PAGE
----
A brand new line-up of Artists are coming to The Cutaway in Sydney July 21-24, including photographer Brett Patman.
Meet Brett Patman, the Sydney-based photographer behind Lost Collective, a photography project focused on capturing dilapidated sites across Australia and Japan. Through these photographs, Patman’s work balances the mystery of abandoned places with their mnemonic potential where untold stories emerge.
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Q&A with the artist
Tell us about who you are and what you do. What’s your background?
Before becoming an artist, I worked as a tradesman for 17 years. I completed an apprenticeship as a Fitter and Turner in 2003. From there, I moved into mobile technical service roles at various locations through New South Wales and Victoria. Many of these businesses were industrial and often consisted of large sections of redundant plants that I often saw during my duties. I always found these industrial relics incredibly fascinating to look at. They were like a snapshot of the past, just frozen in time…
“I often found myself trying to explain to friends what the interior of a power station turbine hall looked like, but these explanations often drew blank faces. I didn’t realise it at the time, but this was what would eventually lead me to photograph many of the locations I do today.”
I always passed an old textile factory on the freeway home from work. Much like many of the facilities I would often visit for work. It was a reasonably large site comprised of various buildings sprawled over a vast area. I went down one weekend, and sure enough, there was a gaping hole in a fence, so I had a wander inside and was instantly amazed. Empty cavernous rooms just begging for a photo. Complex machinery was covered in cobwebs and there was graffiti everywhere. It was kind of panic-inducing but exciting at the same time. From that first time, I knew abandoned buildings just became something I would actively seek out.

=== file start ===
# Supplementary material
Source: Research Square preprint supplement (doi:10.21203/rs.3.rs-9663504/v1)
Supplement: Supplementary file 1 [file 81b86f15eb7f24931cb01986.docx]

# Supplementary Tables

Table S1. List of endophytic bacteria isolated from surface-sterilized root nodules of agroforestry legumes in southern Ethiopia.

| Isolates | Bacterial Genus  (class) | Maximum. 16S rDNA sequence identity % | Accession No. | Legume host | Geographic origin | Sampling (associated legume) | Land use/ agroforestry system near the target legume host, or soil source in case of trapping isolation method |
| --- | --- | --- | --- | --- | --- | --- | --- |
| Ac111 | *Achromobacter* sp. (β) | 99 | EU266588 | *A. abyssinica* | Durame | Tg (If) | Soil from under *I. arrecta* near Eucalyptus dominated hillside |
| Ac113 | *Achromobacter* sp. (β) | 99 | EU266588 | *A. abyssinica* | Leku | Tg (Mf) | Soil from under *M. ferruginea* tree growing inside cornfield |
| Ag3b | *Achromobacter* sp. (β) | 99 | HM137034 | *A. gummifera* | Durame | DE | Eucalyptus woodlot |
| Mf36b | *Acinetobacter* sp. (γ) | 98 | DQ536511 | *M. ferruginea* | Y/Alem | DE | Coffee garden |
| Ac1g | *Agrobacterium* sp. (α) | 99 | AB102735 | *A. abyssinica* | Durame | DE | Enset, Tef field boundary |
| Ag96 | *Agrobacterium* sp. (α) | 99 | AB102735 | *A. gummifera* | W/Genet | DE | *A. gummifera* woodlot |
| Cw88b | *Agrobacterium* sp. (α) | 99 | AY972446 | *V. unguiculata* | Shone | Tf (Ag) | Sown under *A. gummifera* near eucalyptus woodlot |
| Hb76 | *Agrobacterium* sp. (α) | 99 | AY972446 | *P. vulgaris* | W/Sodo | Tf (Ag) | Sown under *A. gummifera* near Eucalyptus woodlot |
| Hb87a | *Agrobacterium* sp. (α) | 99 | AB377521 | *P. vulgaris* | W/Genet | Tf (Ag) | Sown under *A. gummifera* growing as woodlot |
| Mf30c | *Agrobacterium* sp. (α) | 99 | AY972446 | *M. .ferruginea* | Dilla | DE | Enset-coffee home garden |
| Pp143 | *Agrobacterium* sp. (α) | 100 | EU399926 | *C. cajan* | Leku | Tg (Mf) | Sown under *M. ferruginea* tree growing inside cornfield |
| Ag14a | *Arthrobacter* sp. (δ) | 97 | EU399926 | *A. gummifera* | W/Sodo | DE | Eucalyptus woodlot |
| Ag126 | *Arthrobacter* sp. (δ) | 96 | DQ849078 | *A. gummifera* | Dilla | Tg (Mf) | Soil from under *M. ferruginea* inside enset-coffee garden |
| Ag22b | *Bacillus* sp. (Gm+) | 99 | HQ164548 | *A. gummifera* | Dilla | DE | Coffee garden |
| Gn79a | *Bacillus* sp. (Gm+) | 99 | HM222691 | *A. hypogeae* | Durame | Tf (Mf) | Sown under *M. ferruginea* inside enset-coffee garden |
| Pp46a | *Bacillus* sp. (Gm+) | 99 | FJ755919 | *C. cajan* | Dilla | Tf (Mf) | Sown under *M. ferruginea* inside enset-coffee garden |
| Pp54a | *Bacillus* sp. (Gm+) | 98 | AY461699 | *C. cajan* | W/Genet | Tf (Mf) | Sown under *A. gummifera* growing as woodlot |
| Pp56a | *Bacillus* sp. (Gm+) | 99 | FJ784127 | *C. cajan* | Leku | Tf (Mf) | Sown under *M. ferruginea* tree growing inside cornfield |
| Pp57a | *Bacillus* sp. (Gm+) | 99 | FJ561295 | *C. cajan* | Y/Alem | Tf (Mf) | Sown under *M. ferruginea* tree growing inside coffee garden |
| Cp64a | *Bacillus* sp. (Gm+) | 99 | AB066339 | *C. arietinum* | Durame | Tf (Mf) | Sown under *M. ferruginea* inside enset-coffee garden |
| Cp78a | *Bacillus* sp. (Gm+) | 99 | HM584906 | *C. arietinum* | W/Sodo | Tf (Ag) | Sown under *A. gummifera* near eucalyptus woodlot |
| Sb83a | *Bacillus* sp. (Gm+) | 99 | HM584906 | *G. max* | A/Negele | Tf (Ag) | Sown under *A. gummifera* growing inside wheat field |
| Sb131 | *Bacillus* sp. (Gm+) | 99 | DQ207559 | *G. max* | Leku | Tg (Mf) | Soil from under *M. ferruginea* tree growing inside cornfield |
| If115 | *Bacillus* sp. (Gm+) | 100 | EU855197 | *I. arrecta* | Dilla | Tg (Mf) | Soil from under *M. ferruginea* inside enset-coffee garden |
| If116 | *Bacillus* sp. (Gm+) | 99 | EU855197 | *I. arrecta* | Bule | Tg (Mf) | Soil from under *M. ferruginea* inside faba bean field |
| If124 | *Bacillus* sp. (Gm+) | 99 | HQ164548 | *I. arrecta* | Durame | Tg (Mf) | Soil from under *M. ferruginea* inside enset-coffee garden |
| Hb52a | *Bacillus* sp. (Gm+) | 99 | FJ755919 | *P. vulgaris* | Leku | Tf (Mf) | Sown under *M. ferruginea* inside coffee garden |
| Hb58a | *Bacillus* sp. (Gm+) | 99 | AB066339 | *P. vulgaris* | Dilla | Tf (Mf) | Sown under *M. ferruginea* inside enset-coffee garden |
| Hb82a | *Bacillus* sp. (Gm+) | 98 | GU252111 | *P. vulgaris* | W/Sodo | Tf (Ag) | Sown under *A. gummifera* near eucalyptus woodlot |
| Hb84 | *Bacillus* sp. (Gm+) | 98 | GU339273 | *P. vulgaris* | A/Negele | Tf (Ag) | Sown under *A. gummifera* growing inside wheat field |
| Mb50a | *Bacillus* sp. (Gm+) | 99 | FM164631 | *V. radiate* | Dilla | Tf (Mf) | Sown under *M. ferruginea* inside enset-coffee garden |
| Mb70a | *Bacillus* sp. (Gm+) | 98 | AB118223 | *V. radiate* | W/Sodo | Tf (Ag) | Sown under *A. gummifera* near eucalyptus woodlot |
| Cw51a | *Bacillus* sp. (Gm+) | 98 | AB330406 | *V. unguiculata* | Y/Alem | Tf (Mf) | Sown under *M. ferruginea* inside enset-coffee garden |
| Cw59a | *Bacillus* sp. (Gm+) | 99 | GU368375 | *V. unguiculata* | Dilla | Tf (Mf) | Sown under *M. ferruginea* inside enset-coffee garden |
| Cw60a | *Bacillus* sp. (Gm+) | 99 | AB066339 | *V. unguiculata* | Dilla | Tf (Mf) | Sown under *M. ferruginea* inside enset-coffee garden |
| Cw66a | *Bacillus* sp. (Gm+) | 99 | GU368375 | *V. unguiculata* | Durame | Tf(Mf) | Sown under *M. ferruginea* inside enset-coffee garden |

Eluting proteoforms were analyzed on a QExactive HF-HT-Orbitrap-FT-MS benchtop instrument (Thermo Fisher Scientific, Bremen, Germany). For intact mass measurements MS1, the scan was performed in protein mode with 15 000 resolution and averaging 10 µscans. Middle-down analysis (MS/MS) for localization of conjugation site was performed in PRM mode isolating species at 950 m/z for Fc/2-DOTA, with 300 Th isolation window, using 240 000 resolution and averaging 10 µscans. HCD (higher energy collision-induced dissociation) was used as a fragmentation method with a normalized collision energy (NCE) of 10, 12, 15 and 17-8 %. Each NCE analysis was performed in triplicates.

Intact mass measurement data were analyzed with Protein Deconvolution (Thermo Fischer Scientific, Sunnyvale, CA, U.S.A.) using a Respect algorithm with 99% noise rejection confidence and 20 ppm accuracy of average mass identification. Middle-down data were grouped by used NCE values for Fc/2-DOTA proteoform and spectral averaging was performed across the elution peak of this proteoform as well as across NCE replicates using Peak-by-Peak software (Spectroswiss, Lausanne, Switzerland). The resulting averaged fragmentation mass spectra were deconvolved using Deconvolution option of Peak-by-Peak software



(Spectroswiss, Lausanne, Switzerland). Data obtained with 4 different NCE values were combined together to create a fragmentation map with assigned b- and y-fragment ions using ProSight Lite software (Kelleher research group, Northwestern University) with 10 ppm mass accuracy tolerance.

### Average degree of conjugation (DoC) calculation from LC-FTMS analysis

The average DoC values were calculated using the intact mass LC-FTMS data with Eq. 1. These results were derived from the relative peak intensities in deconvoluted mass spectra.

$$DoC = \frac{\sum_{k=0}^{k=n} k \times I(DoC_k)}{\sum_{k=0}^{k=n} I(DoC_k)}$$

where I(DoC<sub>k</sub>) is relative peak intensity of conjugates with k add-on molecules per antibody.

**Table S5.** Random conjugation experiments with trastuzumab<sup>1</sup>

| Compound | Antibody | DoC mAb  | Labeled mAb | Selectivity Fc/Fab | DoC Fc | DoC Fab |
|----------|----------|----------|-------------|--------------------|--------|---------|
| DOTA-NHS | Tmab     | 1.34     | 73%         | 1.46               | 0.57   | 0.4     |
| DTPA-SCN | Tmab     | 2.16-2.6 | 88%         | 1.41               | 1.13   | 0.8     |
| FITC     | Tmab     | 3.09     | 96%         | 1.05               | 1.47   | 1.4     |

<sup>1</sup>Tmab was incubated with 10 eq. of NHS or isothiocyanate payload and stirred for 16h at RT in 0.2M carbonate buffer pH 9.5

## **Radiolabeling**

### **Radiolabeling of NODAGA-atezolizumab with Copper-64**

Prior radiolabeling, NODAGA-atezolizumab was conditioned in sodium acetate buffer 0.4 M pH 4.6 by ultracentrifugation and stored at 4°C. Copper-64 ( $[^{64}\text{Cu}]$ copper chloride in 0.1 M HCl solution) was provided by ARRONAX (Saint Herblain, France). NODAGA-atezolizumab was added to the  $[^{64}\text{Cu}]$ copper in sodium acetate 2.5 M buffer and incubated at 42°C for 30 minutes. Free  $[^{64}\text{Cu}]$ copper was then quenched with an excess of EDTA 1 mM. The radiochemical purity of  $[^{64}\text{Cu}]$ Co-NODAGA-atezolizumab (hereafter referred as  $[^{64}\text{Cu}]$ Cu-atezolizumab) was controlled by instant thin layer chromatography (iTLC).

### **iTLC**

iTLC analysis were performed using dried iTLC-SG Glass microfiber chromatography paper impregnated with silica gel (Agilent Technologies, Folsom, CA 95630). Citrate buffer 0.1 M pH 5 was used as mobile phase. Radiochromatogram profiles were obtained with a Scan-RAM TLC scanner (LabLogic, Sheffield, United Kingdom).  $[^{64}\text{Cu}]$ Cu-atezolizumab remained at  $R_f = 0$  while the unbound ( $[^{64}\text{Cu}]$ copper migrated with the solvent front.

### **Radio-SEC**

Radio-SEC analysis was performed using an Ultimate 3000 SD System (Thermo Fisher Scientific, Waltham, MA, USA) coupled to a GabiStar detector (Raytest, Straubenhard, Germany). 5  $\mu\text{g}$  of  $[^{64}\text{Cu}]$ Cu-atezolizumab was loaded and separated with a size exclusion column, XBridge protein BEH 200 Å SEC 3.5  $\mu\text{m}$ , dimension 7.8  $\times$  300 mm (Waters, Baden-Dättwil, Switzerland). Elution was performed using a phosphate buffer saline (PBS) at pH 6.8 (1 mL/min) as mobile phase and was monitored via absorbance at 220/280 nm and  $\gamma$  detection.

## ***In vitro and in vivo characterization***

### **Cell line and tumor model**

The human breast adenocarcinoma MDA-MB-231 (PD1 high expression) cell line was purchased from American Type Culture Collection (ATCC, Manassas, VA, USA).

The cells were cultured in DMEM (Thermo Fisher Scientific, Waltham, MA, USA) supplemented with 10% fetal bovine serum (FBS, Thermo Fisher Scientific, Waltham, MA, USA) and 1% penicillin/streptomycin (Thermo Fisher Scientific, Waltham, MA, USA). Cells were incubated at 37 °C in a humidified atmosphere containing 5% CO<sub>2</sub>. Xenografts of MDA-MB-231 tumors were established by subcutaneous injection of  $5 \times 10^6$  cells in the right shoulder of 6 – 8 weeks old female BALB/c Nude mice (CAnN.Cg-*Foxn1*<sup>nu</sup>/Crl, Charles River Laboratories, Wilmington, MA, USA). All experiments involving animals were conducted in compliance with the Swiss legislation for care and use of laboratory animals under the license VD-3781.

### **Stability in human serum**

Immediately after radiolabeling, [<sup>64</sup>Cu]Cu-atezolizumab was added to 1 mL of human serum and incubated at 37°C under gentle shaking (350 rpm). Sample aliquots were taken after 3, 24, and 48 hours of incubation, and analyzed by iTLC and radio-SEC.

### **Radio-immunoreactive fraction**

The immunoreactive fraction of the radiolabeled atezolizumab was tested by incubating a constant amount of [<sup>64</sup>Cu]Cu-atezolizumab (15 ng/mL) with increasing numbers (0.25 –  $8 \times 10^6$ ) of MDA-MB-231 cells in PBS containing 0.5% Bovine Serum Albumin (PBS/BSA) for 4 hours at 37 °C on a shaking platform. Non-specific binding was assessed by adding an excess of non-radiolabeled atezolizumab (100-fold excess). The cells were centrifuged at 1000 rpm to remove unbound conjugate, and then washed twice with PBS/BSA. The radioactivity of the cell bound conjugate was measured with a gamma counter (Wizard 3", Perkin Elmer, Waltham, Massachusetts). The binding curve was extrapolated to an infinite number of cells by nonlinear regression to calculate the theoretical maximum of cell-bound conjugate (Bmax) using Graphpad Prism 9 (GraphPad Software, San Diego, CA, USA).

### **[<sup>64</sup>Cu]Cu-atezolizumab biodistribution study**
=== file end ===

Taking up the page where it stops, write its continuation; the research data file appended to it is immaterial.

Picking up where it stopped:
In 2015, I began photographing some higher-profile locations that were less accessible to the public. Some had captivated the public for years, with very few people actually getting to see what the interior looked like. It wasn’t until posting a collection from an NSW power station on Facebook that I saw firsthand the impact the images could have on entire communities. The post went viral thanks to scores of former workers, their families, and nearby residents (even the police) jumping into the comments sections to discuss the photos. Many shared stories of their time as workers, talking about their daily experiences and responsibilities. Their favourite memories, some not-so-favourite memories. People who hadn’t spoken in decades were even reconnecting in the comments. This was when I knew what Lost Collective was about: fostering connection.
What’s the biggest project you have worked on?
The whole project [Lost Collective] is one big ongoing piece of work. It’s never finished, and there is always much more to do to keep things ticking.
In my series Hotel Motel 101, I set out to photograph 101 hotels in the middle of the night, encompassing all that I could find from north of the Central Coast, to as far south as Kiama, west all the way to Yetholme and everything in between.
“The series fit into the general idea of trying to find beauty somewhere you probably wouldn’t ordinarily think to look for it. Rather than beauty in decay, it is perhaps more beauty in the mundane.”
The project took about two weeks to shoot and many kilometres to travel as I would come back home every morning before first light.
What can we expect to see from you at The Other Art Fair?
I am bringing ten of what I consider to be some of my best works. The images consist of various locations: White Bay Power Station, an industrial relic over 100 years old and an iconic landmark of Sydney’s Inner West waterfront. Kandos Cement Works which supplied cement for some of Sydney’s major building projects, including the Sydney Opera House; Terminus Hotel which operated continuously from 1865 until its closure in 1984, where it sat disused for over 30 years (interestingly its liquor licence was maintained for the entire duration); Ashio Copper mine, a facility that began operations around the 1600’s in Tochigi prefecture, Japan. There will also be a work featuring Kinugawa Kan, an expansive traditional Japanese Ryokan situated on the banks of the Kinugawa River where it is slowly being reclaimed by nature after decades of abandonment.
Shop artwork by Brett and other trailblazing artists at The Other Art Fair Online Studios